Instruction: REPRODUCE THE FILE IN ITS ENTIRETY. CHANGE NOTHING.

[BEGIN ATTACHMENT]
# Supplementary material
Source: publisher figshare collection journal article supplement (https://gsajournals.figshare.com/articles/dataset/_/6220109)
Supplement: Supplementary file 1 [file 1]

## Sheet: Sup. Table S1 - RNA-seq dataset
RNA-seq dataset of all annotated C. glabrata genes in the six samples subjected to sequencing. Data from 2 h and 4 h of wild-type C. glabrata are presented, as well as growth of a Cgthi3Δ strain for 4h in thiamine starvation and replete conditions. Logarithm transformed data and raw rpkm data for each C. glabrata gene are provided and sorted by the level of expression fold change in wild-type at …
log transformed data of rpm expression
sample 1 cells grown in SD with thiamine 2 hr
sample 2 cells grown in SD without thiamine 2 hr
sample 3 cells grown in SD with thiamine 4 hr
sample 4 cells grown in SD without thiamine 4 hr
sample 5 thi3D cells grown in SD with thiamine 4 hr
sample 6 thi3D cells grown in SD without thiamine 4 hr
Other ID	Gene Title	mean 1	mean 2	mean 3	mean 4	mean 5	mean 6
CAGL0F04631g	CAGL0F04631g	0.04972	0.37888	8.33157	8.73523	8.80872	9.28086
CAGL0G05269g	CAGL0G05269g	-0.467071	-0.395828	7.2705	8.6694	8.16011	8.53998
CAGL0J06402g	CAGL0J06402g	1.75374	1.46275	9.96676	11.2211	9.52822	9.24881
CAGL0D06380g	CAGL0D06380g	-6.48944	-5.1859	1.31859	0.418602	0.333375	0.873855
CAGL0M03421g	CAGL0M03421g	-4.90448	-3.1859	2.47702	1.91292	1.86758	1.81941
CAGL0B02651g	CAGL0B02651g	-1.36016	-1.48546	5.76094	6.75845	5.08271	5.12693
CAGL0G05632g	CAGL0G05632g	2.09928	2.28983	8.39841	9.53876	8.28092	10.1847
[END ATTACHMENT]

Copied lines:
# Supplementary material
Source: publisher figshare collection journal article supplement (https://gsajournals.figshare.com/articles/dataset/_/6220109)
Supplement: Supplementary file 1 [file 1]

## Sheet: Sup. Table S1 - RNA-seq dataset
RNA-seq dataset of all annotated C. glabrata genes in the six samples subjected to sequencing. Data from 2 h and 4 h of wild-type C. glabrata are presented, as well as growth of a Cgthi3Δ strain for 4h in thiamine starvation and replete conditions. Logarithm transformed data and raw rpkm data for each C. glabrata gene are provided and sorted by the level of expression fold change in wild-type at …
log transformed data of rpm expression
sample 1 cells grown in SD with thiamine 2 hr
sample 2 cells grown in SD without thiamine 2 hr
sample 3 cells grown in SD with thiamine 4 hr
sample 4 cells grown in SD without thiamine 4 hr
sample 5 thi3D cells grown in SD with thiamine 4 hr
sample 6 thi3D cells grown in SD without thiamine 4 hr
Other ID	Gene Title	mean 1	mean 2	mean 3	mean 4	mean 5	mean 6
CAGL0F04631g	CAGL0F04631g	0.04972	0.37888	8.33157	8.73523	8.80872	9.28086
CAGL0G05269g	CAGL0G05269g	-0.467071	-0.395828	7.2705	8.6694	8.16011	8.53998
CAGL0J06402g	CAGL0J06402g	1.75374	1.46275	9.96676	11.2211	9.52822	9.24881
CAGL0D06380g	CAGL0D06380g	-6.48944	-5.1859	1.31859	0.418602	0.333375	0.873855
CAGL0M03421g	CAGL0M03421g	-4.90448	-3.1859	2.47702	1.91292	1.86758	1.81941
CAGL0B02651g	CAGL0B02651g	-1.36016	-1.48546	5.76094	6.75845	5.08271	5.12693
CAGL0G05632g	CAGL0G05632g	2.09928	2.28983	8.39841	9.53876	8.28092	10.1847